2015 GSA Annual Meeting in Baltimore, Maryland, USA (1-4 November 2015)

Paper No. 97-5
Presentation Time: 9:15 AM


MARSHALL, Charles R., Department of Integrative Biology and Museum of Paleontology, University of California, Berkeley, Valley Life Sciences Building, Berkeley, CA 94720-4780 and LIM, Jun Ying, University of California Museum of Paleontology and Department of Integrative Biology, University of California Berkeley, 1101 Valley Life Sciences Building, #4780, Berkeley, CA 94720-4780, crmarshall@berkeley.edu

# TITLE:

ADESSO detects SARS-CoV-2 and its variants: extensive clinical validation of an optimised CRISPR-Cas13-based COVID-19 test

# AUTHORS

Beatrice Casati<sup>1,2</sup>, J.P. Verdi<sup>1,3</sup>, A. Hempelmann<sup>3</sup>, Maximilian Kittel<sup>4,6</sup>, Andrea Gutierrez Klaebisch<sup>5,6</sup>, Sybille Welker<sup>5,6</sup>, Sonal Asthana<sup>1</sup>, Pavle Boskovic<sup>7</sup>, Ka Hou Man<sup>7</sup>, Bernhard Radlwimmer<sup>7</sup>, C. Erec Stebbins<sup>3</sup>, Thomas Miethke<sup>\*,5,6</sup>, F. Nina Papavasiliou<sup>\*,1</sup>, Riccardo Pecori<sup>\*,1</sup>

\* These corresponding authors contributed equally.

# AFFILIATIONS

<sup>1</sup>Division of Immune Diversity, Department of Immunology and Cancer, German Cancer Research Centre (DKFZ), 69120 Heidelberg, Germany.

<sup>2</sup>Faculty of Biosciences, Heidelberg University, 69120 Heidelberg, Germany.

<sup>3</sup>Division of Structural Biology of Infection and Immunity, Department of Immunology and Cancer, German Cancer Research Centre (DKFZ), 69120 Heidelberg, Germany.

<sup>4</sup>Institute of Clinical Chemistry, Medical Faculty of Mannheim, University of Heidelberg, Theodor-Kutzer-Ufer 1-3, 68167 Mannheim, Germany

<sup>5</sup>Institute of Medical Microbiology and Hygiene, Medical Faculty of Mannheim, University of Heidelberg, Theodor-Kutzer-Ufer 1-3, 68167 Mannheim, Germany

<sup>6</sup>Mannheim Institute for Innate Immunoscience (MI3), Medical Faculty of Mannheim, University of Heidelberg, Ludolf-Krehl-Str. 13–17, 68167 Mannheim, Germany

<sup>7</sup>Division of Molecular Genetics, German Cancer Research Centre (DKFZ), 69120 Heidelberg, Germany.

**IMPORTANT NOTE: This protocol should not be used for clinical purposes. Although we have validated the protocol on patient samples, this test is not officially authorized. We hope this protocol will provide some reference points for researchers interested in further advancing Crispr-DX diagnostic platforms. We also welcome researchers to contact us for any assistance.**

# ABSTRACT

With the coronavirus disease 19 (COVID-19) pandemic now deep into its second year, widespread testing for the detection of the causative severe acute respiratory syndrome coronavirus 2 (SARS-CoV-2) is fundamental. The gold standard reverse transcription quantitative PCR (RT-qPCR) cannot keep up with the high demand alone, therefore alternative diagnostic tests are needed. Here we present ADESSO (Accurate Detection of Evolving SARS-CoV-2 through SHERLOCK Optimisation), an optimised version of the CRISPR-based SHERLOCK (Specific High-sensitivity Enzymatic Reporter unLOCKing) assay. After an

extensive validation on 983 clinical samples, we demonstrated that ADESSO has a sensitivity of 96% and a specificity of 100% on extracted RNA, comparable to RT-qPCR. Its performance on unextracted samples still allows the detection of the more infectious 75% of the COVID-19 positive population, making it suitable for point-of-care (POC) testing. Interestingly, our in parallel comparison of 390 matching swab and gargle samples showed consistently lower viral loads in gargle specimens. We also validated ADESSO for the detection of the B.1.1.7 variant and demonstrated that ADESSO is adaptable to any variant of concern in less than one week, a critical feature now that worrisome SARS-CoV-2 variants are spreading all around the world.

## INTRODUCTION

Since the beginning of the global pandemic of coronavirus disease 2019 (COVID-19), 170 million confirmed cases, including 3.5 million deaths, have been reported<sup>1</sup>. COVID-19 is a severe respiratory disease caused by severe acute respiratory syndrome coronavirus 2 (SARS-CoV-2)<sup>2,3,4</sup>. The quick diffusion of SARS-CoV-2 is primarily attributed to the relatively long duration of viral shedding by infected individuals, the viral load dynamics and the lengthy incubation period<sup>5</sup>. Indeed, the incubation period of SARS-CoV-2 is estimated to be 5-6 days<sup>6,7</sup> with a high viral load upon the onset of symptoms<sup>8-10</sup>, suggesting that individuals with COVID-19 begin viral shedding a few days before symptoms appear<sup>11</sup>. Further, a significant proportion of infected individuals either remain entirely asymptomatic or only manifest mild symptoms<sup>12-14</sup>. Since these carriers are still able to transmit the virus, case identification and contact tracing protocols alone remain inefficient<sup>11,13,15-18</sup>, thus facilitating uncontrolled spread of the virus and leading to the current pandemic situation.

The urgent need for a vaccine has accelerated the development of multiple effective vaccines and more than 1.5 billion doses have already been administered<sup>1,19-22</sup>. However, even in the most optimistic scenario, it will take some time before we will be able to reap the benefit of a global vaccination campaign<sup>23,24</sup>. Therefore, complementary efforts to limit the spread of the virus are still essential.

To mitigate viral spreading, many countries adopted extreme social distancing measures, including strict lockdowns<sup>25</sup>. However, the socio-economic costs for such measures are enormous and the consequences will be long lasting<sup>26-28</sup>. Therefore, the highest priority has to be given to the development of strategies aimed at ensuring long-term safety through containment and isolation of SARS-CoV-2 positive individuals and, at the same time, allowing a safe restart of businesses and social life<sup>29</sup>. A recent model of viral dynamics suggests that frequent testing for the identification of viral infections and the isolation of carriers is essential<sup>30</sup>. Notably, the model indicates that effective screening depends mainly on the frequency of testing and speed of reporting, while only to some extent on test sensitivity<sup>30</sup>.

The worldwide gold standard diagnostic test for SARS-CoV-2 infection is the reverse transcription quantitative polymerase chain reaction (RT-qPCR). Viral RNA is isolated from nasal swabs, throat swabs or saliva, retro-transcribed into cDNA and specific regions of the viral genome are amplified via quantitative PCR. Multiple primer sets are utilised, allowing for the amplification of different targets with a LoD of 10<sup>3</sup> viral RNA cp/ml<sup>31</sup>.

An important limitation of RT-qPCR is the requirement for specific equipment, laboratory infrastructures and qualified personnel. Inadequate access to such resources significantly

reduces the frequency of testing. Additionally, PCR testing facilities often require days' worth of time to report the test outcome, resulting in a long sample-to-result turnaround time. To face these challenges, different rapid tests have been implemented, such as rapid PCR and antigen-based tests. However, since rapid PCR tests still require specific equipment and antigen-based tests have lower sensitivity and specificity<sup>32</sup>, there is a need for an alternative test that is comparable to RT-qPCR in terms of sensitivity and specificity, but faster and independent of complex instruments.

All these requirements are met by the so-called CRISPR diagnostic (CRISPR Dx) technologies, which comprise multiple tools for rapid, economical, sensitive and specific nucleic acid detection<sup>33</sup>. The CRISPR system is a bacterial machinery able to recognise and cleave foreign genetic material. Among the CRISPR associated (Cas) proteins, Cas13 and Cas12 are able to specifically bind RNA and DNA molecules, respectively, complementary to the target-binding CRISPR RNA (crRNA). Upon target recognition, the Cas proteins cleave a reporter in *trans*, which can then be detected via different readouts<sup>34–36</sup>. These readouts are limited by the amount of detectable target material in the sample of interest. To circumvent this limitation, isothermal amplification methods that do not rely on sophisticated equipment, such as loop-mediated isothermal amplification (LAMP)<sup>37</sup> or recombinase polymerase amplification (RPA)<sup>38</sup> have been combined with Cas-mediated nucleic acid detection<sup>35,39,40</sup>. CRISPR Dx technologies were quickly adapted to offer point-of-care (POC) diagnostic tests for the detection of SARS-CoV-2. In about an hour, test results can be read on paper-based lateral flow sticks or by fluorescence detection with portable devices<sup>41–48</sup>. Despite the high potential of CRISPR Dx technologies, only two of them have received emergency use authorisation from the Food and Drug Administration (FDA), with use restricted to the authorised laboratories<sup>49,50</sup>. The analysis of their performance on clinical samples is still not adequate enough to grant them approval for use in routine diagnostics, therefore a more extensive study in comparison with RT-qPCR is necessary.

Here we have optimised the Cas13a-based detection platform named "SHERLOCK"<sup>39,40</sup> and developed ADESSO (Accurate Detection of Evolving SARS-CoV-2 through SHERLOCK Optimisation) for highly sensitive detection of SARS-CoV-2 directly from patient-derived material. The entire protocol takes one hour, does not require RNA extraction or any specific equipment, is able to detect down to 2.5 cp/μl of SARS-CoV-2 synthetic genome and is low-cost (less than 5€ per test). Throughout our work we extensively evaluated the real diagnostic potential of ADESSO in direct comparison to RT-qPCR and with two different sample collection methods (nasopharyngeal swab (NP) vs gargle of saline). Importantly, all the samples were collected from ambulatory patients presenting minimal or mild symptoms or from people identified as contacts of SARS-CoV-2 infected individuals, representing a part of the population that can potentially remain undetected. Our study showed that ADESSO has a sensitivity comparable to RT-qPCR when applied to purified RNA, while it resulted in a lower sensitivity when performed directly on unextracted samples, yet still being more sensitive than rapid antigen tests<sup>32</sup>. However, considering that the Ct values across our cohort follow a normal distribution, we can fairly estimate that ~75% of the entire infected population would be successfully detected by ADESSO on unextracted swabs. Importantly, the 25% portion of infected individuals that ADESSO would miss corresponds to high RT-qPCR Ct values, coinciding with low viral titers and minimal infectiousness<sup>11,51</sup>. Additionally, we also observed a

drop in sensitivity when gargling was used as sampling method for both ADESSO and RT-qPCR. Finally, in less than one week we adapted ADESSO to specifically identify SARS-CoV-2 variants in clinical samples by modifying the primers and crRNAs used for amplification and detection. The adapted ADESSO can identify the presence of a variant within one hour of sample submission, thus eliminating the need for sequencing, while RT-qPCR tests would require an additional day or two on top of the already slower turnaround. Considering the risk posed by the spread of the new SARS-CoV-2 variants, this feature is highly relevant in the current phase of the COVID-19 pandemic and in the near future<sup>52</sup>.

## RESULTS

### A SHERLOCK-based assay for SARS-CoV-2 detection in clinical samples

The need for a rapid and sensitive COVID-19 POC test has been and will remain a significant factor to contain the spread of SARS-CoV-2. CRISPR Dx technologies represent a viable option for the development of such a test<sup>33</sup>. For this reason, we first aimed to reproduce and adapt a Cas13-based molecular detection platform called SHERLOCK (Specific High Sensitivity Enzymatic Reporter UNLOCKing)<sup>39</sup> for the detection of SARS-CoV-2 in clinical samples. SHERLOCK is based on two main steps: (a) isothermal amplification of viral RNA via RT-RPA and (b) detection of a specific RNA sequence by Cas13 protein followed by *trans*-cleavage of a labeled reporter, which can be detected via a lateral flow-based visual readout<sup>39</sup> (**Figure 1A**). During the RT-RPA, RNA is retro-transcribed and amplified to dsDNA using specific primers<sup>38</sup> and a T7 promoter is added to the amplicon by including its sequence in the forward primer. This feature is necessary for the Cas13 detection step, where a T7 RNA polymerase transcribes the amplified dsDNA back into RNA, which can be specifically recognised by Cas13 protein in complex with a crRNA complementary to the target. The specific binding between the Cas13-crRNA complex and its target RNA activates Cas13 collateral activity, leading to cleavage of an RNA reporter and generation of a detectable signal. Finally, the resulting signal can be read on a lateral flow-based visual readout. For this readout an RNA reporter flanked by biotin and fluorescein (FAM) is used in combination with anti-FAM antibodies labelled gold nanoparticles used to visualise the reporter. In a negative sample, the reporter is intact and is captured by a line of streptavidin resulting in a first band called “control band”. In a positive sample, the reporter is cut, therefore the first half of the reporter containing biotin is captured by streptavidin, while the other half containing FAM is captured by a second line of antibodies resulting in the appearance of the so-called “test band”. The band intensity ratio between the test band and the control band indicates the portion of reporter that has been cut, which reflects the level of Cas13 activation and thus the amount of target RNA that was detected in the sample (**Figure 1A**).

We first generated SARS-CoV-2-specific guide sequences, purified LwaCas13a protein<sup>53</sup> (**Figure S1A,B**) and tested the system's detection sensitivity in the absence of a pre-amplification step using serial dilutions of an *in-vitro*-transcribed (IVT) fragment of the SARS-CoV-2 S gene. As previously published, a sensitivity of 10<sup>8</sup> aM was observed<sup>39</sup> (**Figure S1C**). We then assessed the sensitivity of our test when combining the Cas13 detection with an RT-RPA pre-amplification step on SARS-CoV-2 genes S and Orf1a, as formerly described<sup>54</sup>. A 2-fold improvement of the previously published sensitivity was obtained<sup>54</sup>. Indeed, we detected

There is surprisingly little agreement on the role of diversity dependence – the effect of crowding/limited niche space on diversification rates – in controlling species richness. Some feel that diversity dependence plays a dominant role in the diversification process, while other feel diversification is largely unbounded. Here we exploit our detailed knowledge of the geological evolution of the islands of Hawaii to ask whether diversity dependence has been important in the evolutionary radiation of 16 of its endemic clades. Hawaii is an ideal study system due to its isolation and young age (the origin of the Hawaiian biota is relatively simple compared with the highly complex assembly histories of continental biotas), and the chronosequence of the major islands, the fact that they are well separated and become progressively older as one moves away from the generating mantle hotspot. If island age alone played a role in their species richness then there should be a direct correlation between island age and species richness, a hypothesis that is soundly rejected. In contrast, the strongest version of diversity dependence, where species richness is assumed to result from the integrated effects of island growth and decay on the state of crowding, is generally favored over simpler and less stringent versions of diversity dependence, the presence of a universal island carrying capacity, or island specific area-dependent carrying capacities. A consequence of our island ontogeny model is the ability to estimate instantaneous species accumulation rates, including the identification of negative rates on the older islands – with our approach we are able to infer diversity dynamics in the absence of a fossil record (although the biotas on each island in effect serve as virtual fossil communities), and without the need for molecular phylogenies. Finally, we note that while the species richness appears to be controlled by diversity dependence, in many cases the clades are not at their equilibrium values. The presence of diversity dependence does not automatically mean that species richness is at, or even near, the equilibrium value – in our case most clades are under or over crowded on most islands.